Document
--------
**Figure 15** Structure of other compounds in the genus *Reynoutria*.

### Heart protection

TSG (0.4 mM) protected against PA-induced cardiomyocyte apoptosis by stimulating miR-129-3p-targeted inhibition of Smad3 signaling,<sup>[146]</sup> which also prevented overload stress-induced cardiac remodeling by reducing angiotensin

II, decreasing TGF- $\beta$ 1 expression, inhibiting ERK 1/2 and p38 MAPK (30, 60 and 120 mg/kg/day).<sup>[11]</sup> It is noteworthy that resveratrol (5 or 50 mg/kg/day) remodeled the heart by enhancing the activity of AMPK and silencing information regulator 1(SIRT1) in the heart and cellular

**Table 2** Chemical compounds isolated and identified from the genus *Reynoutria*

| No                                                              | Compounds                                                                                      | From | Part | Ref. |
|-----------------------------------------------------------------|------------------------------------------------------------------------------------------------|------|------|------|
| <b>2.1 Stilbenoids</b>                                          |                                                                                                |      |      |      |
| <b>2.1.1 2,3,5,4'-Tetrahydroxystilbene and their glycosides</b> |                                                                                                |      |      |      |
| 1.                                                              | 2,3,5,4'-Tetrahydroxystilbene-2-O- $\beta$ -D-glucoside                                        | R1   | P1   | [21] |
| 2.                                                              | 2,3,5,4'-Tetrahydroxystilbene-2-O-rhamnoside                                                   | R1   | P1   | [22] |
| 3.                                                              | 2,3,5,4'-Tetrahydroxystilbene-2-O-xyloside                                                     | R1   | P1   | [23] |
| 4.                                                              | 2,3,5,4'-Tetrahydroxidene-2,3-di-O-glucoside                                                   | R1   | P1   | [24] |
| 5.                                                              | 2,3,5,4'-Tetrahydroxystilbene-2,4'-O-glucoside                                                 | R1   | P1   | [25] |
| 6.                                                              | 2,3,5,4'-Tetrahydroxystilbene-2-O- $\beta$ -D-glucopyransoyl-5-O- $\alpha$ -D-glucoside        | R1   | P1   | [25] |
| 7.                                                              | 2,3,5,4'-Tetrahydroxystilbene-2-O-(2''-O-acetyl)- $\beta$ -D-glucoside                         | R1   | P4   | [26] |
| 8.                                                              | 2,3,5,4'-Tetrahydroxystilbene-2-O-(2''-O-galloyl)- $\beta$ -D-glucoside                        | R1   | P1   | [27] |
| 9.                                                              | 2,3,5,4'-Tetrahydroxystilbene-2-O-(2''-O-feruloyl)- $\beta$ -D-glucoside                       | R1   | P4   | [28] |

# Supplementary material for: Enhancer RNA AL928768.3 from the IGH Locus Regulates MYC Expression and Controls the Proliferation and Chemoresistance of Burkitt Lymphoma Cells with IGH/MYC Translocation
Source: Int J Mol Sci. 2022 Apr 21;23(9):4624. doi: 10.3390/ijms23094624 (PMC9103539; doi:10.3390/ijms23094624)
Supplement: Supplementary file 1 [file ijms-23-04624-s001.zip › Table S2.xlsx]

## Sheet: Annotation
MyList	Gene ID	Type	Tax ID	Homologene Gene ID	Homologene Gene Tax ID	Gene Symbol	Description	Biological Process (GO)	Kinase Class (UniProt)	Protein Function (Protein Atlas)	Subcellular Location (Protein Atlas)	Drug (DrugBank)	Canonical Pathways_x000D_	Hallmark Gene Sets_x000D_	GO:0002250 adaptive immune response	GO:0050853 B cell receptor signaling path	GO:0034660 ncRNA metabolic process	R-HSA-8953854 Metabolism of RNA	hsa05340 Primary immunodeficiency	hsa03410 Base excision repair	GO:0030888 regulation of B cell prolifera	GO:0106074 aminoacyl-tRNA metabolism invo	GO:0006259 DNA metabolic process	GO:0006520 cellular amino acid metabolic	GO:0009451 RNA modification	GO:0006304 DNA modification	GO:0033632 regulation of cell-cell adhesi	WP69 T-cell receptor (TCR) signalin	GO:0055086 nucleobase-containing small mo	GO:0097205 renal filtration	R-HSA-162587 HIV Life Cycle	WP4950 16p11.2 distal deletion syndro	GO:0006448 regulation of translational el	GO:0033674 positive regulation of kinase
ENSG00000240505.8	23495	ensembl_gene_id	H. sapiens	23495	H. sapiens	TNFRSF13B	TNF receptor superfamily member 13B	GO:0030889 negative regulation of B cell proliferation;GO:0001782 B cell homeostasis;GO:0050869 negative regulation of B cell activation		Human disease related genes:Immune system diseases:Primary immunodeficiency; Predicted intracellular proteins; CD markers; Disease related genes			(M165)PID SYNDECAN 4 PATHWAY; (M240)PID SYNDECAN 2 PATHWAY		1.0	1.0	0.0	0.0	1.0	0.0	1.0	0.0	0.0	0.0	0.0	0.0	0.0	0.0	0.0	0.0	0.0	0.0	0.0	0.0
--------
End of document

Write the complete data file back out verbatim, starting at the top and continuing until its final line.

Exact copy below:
**Figure 15** Structure of other compounds in the genus *Reynoutria*.

### Heart protection

TSG (0.4 mM) protected against PA-induced cardiomyocyte apoptosis by stimulating miR-129-3p-targeted inhibition of Smad3 signaling,<sup>[146]</sup> which also prevented overload stress-induced cardiac remodeling by reducing angiotensin

II, decreasing TGF- $\beta$ 1 expression, inhibiting ERK 1/2 and p38 MAPK (30, 60 and 120 mg/kg/day).<sup>[11]</sup> It is noteworthy that resveratrol (5 or 50 mg/kg/day) remodeled the heart by enhancing the activity of AMPK and silencing information regulator 1(SIRT1) in the heart and cellular

**Table 2** Chemical compounds isolated and identified from the genus *Reynoutria*

| No                                                              | Compounds                                                                                      | From | Part | Ref. |
|-----------------------------------------------------------------|------------------------------------------------------------------------------------------------|------|------|------|
| <b>2.1 Stilbenoids</b>                                          |                                                                                                |      |      |      |
| <b>2.1.1 2,3,5,4'-Tetrahydroxystilbene and their glycosides</b> |                                                                                                |      |      |      |
| 1.                                                              | 2,3,5,4'-Tetrahydroxystilbene-2-O- $\beta$ -D-glucoside                                        | R1   | P1   | [21] |
| 2.                                                              | 2,3,5,4'-Tetrahydroxystilbene-2-O-rhamnoside                                                   | R1   | P1   | [22] |
| 3.                                                              | 2,3,5,4'-Tetrahydroxystilbene-2-O-xyloside                                                     | R1   | P1   | [23] |
| 4.                                                              | 2,3,5,4'-Tetrahydroxidene-2,3-di-O-glucoside                                                   | R1   | P1   | [24] |
| 5.                                                              | 2,3,5,4'-Tetrahydroxystilbene-2,4'-O-glucoside                                                 | R1   | P1   | [25] |
| 6.                                                              | 2,3,5,4'-Tetrahydroxystilbene-2-O- $\beta$ -D-glucopyransoyl-5-O- $\alpha$ -D-glucoside        | R1   | P1   | [25] |
| 7.                                                              | 2,3,5,4'-Tetrahydroxystilbene-2-O-(2''-O-acetyl)- $\beta$ -D-glucoside                         | R1   | P4   | [26] |
| 8.                                                              | 2,3,5,4'-Tetrahydroxystilbene-2-O-(2''-O-galloyl)- $\beta$ -D-glucoside                        | R1   | P1   | [27] |
| 9.                                                              | 2,3,5,4'-Tetrahydroxystilbene-2-O-(2''-O-feruloyl)- $\beta$ -D-glucoside                       | R1   | P4   | [28] |

# Supplementary material for: Enhancer RNA AL928768.3 from the IGH Locus Regulates MYC Expression and Controls the Proliferation and Chemoresistance of Burkitt Lymphoma Cells with IGH/MYC Translocation
Source: Int J Mol Sci. 2022 Apr 21;23(9):4624. doi: 10.3390/ijms23094624 (PMC9103539; doi:10.3390/ijms23094624)
Supplement: Supplementary file 1 [file ijms-23-04624-s001.zip › Table S2.xlsx]

## Sheet: Annotation
MyList	Gene ID	Type	Tax ID	Homologene Gene ID	Homologene Gene Tax ID	Gene Symbol	Description	Biological Process (GO)	Kinase Class (UniProt)	Protein Function (Protein Atlas)	Subcellular Location (Protein Atlas)	Drug (DrugBank)	Canonical Pathways_x000D_	Hallmark Gene Sets_x000D_	GO:0002250 adaptive immune response	GO:0050853 B cell receptor signaling path	GO:0034660 ncRNA metabolic process	R-HSA-8953854 Metabolism of RNA	hsa05340 Primary immunodeficiency	hsa03410 Base excision repair	GO:0030888 regulation of B cell prolifera	GO:0106074 aminoacyl-tRNA metabolism invo	GO:0006259 DNA metabolic process	GO:0006520 cellular amino acid metabolic	GO:0009451 RNA modification	GO:0006304 DNA modification	GO:0033632 regulation of cell-cell adhesi	WP69 T-cell receptor (TCR) signalin	GO:0055086 nucleobase-containing small mo	GO:0097205 renal filtration	R-HSA-162587 HIV Life Cycle	WP4950 16p11.2 distal deletion syndro	GO:0006448 regulation of translational el	GO:0033674 positive regulation of kinase
ENSG00000240505.8	23495	ensembl_gene_id	H. sapiens	23495	H. sapiens	TNFRSF13B	TNF receptor superfamily member 13B	GO:0030889 negative regulation of B cell proliferation;GO:0001782 B cell homeostasis;GO:0050869 negative regulation of B cell activation		Human disease related genes:Immune system diseases:Primary immunodeficiency; Predicted intracellular proteins; CD markers; Disease related genes			(M165)PID SYNDECAN 4 PATHWAY; (M240)PID SYNDECAN 2 PATHWAY		1.0	1.0	0.0	0.0	1.0	0.0	1.0	0.0	0.0	0.0	0.0	0.0	0.0	0.0	0.0	0.0	0.0	0.0	0.0	0.0